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Catering Culture

Tibetan people have their own unique food structure and catering customs. Zanba, butter, tea and beef & mutton are known as the four treasures of the Tibet diet. There are also the barley wine and various kinds of dairy products.

Tibetan Food

Tibetan food has a long history and is rich in variety. It is grouped into three major kinds, namely, staple food, dish and soup. Tibetan food pays close attention to a light taste. Peppery seasoning is normally not used, only salt and garlic.

Tibetan roasted mutton chops are very tasty.

Zanba is the staple food of the Tibetan people and is simple. Mill the parched highland barley grains into flour, which is zanba. When eating, put the zanba into a bowl, add a little butter tea to it, and mix and knead into a dumpling.

Air-dried meat is a unique food in Tibet. When the temperature falls below zero at the end of the year, slit the quality beef and then hang it in a windy place to dry. It can be eaten in the following February or March, the crisp meat having a unique taste.

There are numerous ways of cooking the food at a Tibetan-style feast, along with the means of holding a feast. In traditional society, the social status of guests was a determinant of the style of feast. There are both vegetable and meat-based feasts in Tibet.

Tibetan people have many taboos regarding meat. Generally, they eat only beef and mutton, and never consume horse, donkey, mule and dog meat. Some people even do not eat chicken, pork and eggs. Young people in the cities and towns consume fish, shrimp, snake, eel and other seafood, but the masses in the farming and pasturing areas never touch them.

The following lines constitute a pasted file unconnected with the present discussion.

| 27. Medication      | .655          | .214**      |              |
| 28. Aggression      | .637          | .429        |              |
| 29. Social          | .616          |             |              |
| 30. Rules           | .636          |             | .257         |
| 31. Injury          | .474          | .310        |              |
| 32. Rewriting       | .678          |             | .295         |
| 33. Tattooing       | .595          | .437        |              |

With the improvement of the social economy and cultural life, the technique of cooking Tibetan dishes and the forms of taking the meal have been improved and enriched.

Wine Culture

Tibetan barley wine is brewed from fermented barley grown in the highlands, with lower alcohol content. Men and women of all ages like to drink it and it is indispensable during happy events and festivals.

Toasting qingke barley wine to people at the Spring Ploughing Ceremony

There is a rich etiquette and many social customs associated with drinking wine. Every time new wine is brewed, it is first offered to the gods and then to toast the oldest members of the family according to the ancient precept that "the old and young should observe order". At last, the family members can drink their fill. During a festival, wedding feast, or gathering of many people, the first toast is offered to the sainted elder present and then passes around clockwise. The toaster should raise the wine cup to about the height of his head with both hands in offering it to the person accepting the toast. The other person then takes over the cup with both hands, dips his or her right ring finger into the wine while holding the cup in the other hand and flicks the wine drops on the finger into the air. The movement is repeated three times to show respect to heaven, earth and the deities respectively. Sometimes, the person will make a congratulatory speech in a light tone before drinking.

When drinking at a gathering, singing is absolutely necessary. Tibetan toast songs are melodious and fair-sounding and express blessings and admiration. At a general feast, the host and hostess will sing the toast song. On very grand occasions, there are girls especially in charge of toasting others. The beautifully-dressed girl, singing the enchanting toast songs, will persuade each of the guests to drink in turn until all are drunk.

Tibetan Tea Culture

Butter tea is an indispensable drink in Tibetan life. The butter is the cream extracted usually from cow or sheep's milk, but the golden yellow butter extracted from yak milk in summer is the best; that extracted from sheep's milk is white. When drinking tea, the Tibetan people pay attention to rank according to age, and the order of master and guest. Guests cannot drink too fast. Generally speaking, drinking three bowls is the most propitious.

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